Say Holmes Exists; Then What?
Yablo (Stephen)
Source: Draft of 1st September 2020
Paper - Abstract

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Author’s Introduction

  1. Singular (non)existence claims are mystifying. There seem to be three main reasons for this. It is mysterious what Vulcan does not exist could possibly be about, if it is true. Not the planet Vulcan presumably, for if it is true, then there is no such thing. This – the Problem of Aboutness, call it – has led philosophers to postulate alternative subject matters: the term Vulcan, or the concept of Vulcan-hood, or an abstract artifact of some sort (a “failed posit”). Vulcan does not exist says on such views either that
    • the term lacks a referent
    • the concept lacks instances
    • the artifact is not a planet,
    • or, Walton1’s view...a certain type of referring attempt misfires.
  2. Now we run into a second problem, that of explaining how our subject-matter intuitions could be so mistaken. Vulcan does not exist certainly does not seem like it ascribes emptiness to a name, or non-planethood to an abstract object. Call this the Problem of Indirection.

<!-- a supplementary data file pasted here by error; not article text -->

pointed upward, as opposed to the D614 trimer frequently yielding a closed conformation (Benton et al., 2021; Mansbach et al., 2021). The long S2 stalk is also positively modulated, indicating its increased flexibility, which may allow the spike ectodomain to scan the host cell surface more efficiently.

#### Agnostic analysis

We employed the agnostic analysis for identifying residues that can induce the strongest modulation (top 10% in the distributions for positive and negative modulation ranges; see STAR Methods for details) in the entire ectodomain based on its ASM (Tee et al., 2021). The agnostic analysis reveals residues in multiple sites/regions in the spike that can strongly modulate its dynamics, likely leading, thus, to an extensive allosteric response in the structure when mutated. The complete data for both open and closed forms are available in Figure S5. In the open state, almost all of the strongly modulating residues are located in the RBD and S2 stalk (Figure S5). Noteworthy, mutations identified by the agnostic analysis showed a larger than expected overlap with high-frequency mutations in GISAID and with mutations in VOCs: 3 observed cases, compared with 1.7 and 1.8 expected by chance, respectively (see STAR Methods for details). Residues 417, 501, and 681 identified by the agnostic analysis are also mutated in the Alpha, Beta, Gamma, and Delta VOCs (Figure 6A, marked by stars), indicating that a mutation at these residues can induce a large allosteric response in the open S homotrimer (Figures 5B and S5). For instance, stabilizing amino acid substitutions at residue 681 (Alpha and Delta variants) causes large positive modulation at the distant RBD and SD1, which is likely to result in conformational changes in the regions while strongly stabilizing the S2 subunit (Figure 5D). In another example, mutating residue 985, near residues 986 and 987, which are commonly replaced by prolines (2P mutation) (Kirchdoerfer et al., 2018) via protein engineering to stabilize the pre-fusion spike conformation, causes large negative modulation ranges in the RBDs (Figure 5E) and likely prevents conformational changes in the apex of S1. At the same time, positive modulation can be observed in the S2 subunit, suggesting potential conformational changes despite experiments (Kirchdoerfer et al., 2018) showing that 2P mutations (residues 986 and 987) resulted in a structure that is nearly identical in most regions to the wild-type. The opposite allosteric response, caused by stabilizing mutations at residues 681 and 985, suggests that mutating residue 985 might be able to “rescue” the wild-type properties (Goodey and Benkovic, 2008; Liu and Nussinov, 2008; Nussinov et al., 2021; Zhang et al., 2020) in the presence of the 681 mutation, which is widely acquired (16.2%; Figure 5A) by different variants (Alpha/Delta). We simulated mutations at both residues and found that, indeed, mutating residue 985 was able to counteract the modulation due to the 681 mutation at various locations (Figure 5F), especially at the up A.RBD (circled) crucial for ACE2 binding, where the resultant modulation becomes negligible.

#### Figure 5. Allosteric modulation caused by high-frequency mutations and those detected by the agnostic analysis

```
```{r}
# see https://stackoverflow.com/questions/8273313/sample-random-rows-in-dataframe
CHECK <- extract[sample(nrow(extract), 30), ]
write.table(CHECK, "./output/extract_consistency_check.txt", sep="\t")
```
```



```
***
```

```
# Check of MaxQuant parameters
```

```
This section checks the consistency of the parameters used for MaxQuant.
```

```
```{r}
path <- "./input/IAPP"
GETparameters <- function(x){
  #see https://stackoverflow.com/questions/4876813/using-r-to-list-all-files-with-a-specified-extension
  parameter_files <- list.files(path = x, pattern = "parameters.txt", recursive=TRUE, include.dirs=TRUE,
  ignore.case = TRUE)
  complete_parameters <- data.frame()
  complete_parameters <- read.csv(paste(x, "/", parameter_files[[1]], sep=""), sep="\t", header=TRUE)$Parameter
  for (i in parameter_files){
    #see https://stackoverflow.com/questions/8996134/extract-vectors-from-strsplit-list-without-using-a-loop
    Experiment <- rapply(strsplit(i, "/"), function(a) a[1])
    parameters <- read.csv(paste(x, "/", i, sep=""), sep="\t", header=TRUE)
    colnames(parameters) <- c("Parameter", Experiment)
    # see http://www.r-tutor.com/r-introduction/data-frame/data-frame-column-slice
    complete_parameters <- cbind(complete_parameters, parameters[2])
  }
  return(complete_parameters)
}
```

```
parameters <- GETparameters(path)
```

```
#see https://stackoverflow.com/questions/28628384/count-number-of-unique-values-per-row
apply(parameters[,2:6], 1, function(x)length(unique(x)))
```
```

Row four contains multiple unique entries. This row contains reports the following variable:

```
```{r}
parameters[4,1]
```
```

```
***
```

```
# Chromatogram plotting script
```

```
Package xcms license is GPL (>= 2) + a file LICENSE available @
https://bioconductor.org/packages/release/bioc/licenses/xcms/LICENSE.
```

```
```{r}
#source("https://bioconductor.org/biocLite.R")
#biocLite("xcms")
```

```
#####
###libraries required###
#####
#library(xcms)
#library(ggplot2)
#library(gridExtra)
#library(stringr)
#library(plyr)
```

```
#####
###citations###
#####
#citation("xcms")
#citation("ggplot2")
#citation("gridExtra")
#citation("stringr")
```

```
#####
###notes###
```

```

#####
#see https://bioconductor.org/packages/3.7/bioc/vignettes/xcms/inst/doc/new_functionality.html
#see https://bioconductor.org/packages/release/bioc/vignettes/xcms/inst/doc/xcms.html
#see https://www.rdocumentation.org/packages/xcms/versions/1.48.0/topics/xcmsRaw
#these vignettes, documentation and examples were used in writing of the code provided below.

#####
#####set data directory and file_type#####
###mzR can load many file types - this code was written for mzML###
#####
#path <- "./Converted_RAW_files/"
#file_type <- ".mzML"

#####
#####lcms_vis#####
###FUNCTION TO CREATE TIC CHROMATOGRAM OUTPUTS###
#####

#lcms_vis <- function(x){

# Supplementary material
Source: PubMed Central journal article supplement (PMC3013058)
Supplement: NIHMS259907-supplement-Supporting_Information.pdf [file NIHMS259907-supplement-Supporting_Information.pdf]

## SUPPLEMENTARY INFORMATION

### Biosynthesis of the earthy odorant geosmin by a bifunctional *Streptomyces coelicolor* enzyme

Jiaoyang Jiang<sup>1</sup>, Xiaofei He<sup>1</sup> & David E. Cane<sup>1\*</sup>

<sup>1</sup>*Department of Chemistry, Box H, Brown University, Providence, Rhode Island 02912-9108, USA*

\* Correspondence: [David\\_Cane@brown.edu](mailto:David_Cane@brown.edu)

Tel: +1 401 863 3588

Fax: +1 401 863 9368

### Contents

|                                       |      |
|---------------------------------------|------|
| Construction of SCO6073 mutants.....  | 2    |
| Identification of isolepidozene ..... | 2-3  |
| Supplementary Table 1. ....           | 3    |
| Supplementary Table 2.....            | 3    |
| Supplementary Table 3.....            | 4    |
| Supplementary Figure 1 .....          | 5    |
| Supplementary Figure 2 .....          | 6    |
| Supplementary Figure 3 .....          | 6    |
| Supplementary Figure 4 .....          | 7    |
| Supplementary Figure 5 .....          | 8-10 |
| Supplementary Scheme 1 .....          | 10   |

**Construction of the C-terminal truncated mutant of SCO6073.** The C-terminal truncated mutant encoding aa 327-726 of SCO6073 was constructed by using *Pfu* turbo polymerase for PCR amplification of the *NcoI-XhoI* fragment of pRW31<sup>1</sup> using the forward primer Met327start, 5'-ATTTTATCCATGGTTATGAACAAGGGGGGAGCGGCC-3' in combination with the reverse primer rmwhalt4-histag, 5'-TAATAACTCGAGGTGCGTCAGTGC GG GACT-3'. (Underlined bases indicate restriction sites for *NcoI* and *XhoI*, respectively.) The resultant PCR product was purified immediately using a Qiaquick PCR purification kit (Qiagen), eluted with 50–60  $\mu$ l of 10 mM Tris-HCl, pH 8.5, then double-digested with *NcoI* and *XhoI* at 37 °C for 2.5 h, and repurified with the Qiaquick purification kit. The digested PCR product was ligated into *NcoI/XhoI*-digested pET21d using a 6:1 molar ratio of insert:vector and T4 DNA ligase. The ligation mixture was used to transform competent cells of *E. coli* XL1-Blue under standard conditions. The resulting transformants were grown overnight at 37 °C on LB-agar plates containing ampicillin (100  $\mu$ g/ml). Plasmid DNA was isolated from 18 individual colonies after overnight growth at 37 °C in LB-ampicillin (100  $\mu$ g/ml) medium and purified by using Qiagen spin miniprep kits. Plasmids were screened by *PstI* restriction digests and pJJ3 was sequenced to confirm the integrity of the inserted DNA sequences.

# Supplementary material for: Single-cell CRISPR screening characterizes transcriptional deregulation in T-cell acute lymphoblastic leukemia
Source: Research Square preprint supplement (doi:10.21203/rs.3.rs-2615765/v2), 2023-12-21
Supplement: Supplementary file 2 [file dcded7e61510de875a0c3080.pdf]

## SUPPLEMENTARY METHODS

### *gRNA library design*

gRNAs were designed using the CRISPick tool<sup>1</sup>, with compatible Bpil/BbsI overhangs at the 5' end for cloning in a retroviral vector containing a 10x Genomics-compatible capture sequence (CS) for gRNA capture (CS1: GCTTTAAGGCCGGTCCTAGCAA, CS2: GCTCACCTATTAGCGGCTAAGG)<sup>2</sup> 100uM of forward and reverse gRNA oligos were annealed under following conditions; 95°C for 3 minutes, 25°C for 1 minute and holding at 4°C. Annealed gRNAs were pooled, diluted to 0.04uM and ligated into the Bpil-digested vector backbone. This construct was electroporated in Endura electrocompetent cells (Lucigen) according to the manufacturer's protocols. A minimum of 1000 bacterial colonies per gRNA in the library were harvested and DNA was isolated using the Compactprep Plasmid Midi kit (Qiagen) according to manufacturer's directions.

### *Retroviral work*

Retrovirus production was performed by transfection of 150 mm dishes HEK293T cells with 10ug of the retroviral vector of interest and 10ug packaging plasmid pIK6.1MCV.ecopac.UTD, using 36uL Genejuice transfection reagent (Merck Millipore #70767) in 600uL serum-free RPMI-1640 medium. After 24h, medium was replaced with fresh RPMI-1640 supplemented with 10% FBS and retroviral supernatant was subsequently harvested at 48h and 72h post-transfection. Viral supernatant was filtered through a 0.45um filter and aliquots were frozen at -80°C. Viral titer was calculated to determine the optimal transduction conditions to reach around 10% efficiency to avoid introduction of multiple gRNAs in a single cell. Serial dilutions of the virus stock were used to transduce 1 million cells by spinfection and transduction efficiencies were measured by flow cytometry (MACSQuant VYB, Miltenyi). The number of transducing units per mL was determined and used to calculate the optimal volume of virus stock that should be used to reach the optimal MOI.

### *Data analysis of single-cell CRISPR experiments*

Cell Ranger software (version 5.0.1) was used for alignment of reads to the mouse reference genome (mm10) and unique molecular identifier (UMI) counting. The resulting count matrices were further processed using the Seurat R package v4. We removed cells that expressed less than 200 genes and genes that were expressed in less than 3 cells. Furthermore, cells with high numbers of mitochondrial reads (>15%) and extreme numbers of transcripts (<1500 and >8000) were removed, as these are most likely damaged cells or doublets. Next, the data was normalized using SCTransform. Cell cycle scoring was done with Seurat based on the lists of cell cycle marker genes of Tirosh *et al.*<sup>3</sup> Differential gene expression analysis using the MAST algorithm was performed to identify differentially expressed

3. The third problem is that n exists (n does not exist) ought to say the same thing — express the same hypothesis — whether true or false. Suppose that Vulcan does not exist turns out to be false; there really is such a planet. It is false, in that case, not because it misdescribes a name as non-empty or a concept as lacking instances, but because it misdescribes an existing concrete object v as non-existent. How can people disagree, then, about whether Vulcan exists? The proposition (that v exists) whose truth would vindicate the one is not the proposition (that, say, Vulcan refers) whose falsity would vindicate the other. Normally when there is no shared proposition to which disputants want to assign different truth- values, we say they are talking past each other. Call this the Problem of Equivocation.


Retrieved from, 14 September 2020

In-Page Footnotes

Footnote 1:

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